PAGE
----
This morning we saw a seemingly impressive earnings report from Bank of America (NYSE:BAC). Revenue was up. Profits beat expectations. Good news, right?
Not so much. A closer look at the numbers show some fuzzy math that only a contortionist could feel comfortable with. The real bottom line is that Bank of America earnings still are in trouble, and the entire financial sector remains a very risky bet.
Here are the headline numbers: Bank of America earnings tallied a profit of $6.2 billion, or 56 cents per share. Revenues were up 6% at $28.8 billion at BofA. Wall Street was expecting EPS of 20 cents per share on revenues of $25.95 billion, so it all looks pretty good on paper.
But the latest quarter’s earnings figure included $4.5 billion in “fair value adjustments.” In short, this means a bank can decide how much its assets and liabilities are worth on its own! For instance, a few days earlier, both JPMorgan (NYSE:JPM) and Citigroup (NYSE:C) said the spread between their debt and U.S. Treasuries led to “profits.” No business actually transpired — other than a different number being used to calculate the Excel spreadsheet in accounting. Theoretically, as their debt “loses value” it is cheaper for banks to pay it off, resulting in a paper gain.
Confused? Well you should be — because an accounting trick that conjures billions out of thin air seems fishy to many investors. Interested parties can read an excellent, detailed report on the kinky accounting practices from Reuters here. Unfortunately, we have other fuzzy math to discuss in regards to BofA and have to keep moving …
Next up is the pretax gain of $3.6 billion from Bank of America’s sale of shares in China Construction Bank. Obviously, a huge one-time gain like this cannot be recreated. And as I wrote when the deal went down, the sale damages the future of BAC lending in China, a crucial emerging market considering how poor the credit market is in the U.S. and Europe right now.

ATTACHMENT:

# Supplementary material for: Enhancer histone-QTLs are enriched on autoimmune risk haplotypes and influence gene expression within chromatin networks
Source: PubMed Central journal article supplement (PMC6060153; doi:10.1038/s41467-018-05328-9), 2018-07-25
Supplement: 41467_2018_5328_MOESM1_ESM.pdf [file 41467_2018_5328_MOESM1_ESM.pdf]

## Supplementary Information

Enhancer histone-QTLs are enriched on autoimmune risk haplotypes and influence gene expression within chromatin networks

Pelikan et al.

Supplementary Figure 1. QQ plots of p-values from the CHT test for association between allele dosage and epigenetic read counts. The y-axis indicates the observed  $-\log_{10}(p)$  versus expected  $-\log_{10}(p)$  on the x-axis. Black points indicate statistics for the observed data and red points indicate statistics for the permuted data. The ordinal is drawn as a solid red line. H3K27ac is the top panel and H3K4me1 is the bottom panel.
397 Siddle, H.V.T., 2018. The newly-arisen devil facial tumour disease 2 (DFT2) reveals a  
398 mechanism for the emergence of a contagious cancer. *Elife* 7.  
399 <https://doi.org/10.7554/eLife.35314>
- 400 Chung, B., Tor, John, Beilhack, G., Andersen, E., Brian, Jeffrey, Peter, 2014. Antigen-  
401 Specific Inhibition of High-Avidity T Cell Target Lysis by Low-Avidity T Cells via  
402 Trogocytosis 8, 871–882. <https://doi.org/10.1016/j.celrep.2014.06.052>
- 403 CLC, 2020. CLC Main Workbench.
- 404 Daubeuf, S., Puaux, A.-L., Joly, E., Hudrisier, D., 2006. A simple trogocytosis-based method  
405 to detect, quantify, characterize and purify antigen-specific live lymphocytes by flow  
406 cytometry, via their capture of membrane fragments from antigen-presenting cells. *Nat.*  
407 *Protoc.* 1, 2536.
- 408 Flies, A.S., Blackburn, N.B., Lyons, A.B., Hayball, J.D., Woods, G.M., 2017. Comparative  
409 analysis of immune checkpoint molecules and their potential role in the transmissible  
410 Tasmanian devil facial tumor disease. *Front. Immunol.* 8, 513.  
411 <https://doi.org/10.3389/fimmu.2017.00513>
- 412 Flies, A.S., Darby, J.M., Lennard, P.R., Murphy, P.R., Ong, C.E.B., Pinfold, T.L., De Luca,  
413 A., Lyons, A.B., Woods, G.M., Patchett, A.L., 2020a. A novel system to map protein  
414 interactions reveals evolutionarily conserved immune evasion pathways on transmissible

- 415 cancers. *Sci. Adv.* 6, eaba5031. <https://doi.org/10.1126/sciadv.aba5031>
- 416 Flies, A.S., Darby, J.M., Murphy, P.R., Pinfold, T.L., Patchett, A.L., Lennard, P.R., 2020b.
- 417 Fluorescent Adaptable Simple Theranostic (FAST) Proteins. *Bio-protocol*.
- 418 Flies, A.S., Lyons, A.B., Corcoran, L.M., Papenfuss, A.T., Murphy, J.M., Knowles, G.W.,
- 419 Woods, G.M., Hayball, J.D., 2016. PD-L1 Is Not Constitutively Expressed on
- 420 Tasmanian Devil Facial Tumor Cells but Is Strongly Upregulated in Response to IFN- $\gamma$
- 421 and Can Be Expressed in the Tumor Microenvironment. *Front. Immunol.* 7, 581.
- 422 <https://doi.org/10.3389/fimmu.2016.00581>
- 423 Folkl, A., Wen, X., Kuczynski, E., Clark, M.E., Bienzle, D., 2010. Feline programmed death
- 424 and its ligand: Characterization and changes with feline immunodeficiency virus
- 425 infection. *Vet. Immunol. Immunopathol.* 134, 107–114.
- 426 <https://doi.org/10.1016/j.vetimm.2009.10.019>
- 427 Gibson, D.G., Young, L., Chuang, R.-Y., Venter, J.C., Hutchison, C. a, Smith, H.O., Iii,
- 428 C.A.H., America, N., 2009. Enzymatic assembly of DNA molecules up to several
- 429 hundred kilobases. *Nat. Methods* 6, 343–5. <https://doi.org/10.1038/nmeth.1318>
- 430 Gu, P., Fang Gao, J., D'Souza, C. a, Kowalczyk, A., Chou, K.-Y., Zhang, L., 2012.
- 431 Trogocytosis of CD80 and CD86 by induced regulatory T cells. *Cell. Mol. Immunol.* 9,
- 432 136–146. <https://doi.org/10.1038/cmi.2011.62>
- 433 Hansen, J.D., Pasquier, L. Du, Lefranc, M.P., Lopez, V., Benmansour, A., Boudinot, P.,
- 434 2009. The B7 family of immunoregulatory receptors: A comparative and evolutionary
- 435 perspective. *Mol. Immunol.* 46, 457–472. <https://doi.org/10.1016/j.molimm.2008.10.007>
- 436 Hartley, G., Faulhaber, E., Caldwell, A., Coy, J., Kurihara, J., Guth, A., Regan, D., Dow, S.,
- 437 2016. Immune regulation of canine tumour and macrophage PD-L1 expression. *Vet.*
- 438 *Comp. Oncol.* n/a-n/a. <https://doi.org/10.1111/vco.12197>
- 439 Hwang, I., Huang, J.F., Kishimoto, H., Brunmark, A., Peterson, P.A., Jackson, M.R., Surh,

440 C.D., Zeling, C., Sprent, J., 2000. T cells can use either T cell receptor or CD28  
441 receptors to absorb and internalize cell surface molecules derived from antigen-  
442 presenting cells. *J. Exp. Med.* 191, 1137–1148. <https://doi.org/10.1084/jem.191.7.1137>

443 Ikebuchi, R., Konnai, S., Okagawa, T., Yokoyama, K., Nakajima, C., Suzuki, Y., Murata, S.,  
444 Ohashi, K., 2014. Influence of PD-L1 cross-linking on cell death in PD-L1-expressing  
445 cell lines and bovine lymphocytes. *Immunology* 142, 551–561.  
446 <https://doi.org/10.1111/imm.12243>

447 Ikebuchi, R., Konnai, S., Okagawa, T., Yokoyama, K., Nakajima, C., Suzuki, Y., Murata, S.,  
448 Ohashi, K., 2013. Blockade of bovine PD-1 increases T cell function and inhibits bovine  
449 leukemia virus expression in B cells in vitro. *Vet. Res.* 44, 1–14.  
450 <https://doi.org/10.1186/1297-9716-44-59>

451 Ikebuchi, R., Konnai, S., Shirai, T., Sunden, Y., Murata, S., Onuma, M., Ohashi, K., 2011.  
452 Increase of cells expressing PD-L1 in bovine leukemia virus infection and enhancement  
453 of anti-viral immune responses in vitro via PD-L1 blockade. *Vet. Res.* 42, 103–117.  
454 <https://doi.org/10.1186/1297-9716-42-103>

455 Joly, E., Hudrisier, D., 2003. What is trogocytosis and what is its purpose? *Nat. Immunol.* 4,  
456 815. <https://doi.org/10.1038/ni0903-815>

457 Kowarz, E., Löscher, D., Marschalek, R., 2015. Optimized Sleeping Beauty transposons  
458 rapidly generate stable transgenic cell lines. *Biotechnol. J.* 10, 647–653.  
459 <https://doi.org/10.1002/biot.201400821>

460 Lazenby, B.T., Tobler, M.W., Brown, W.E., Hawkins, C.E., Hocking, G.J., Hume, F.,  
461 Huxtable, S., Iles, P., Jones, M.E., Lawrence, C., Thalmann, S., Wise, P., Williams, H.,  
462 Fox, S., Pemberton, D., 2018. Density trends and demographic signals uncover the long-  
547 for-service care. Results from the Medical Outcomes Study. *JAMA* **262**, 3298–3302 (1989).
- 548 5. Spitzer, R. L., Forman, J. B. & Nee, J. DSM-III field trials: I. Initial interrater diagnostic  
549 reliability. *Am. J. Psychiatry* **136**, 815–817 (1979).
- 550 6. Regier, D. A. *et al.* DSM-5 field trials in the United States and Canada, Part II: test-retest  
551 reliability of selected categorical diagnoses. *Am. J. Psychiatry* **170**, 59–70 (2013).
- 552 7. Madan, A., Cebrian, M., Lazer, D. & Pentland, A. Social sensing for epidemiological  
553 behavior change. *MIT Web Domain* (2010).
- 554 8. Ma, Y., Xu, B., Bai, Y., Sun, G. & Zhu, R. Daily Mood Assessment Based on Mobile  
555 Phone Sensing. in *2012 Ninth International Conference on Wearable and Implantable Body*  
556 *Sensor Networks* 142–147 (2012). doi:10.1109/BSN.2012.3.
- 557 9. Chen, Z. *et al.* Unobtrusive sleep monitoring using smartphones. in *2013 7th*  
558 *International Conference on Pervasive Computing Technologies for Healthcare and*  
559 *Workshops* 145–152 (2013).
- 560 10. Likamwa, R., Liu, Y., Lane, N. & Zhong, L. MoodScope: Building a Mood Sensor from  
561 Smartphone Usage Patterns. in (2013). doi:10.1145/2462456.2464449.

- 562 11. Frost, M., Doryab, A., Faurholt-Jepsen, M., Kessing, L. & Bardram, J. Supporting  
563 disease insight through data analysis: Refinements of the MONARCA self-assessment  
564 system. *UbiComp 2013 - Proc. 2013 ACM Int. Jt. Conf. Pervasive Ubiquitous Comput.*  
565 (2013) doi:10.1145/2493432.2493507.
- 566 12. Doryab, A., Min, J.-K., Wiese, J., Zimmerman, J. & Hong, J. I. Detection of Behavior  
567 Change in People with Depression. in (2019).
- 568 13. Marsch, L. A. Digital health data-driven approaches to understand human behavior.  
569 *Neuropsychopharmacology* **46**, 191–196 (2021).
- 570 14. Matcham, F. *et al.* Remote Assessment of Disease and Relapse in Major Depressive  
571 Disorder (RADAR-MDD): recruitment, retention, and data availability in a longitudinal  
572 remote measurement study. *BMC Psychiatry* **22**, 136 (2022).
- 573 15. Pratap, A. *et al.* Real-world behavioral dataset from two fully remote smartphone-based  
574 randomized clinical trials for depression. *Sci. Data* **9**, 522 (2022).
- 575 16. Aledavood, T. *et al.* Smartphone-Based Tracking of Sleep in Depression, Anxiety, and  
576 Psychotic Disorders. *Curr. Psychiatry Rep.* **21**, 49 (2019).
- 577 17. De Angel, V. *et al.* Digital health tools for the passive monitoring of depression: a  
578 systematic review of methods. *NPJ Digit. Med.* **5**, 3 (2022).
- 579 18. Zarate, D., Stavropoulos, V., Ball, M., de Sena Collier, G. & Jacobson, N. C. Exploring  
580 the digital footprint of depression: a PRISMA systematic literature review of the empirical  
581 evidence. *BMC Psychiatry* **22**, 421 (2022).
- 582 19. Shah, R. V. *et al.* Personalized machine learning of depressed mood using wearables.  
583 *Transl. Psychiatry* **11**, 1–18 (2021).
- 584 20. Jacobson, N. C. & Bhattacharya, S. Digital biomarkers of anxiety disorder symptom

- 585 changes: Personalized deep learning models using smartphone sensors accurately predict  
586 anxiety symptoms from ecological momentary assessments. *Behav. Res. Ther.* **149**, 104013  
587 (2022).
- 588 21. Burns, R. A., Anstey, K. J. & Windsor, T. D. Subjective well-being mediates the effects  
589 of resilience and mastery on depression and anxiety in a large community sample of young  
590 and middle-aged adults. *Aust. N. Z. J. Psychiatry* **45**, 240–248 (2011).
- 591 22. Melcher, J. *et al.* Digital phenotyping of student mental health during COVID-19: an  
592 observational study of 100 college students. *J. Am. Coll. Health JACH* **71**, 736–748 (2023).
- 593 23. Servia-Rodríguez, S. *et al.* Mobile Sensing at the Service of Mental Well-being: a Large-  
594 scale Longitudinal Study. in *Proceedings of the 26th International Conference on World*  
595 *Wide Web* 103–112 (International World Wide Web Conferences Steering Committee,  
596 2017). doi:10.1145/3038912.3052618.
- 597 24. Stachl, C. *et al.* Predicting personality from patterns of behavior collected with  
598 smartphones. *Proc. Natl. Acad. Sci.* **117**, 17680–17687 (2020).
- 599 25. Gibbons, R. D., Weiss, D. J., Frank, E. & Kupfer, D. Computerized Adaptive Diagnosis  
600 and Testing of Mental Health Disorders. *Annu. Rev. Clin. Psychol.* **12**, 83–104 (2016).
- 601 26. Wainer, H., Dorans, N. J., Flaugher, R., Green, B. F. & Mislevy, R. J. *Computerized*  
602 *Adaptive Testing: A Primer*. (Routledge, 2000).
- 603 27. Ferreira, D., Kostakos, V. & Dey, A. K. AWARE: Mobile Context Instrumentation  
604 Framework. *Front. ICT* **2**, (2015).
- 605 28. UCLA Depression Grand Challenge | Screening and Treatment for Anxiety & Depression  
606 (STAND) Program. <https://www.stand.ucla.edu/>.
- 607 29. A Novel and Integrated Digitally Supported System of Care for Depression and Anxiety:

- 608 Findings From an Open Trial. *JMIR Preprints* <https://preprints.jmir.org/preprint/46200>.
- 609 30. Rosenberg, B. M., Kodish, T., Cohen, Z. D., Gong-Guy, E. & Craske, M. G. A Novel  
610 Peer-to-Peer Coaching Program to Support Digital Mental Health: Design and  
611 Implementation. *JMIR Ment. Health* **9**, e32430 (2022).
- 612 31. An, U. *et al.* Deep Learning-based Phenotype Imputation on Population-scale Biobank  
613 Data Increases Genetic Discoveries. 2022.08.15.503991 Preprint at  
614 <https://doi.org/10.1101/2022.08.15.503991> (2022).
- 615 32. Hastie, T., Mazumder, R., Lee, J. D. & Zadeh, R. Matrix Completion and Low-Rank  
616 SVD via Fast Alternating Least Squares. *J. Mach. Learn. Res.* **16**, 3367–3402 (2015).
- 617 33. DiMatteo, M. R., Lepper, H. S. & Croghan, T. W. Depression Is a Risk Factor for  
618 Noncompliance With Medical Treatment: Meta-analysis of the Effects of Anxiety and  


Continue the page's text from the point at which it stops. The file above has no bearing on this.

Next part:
Then there’s the loss of $2.2 billion related to private equity and strategic investments. Investors had a rough third quarter too, but $2.2 billion seems a bit ugly for a supposed Wall Street icon.
To top it off, all this comes after a Monday report from Bank of America Corp.’s credit card division that indicated an increase in late customer payments for September, the first such uptick in a year. Additionally, Bank of America still has one of the highest credit card default rates in the industry.
Nobody Knows How Bad Things Are at Banks
The squints on Wall Street can fight over the finer details of this quarter’s earnings at BofA. But the bottom line is that nobody knows how bad things really are. One-time charges, goofy “mark-to-market” tricks juicing numbers and lingering problems with consumer lending mean a very bleak picture for financial stocks.
Consider these other earnings reports:
JPMorgan Chase (NYSE:JPM) saw third-quarter earnings slip 3.5% thanks to higher expenses. On the revenue front, things are going nowhere fast — 2009 and 2010 full-year revenue totals were almost identical. As for 2011, JPM is looking at a slight decline in revenue.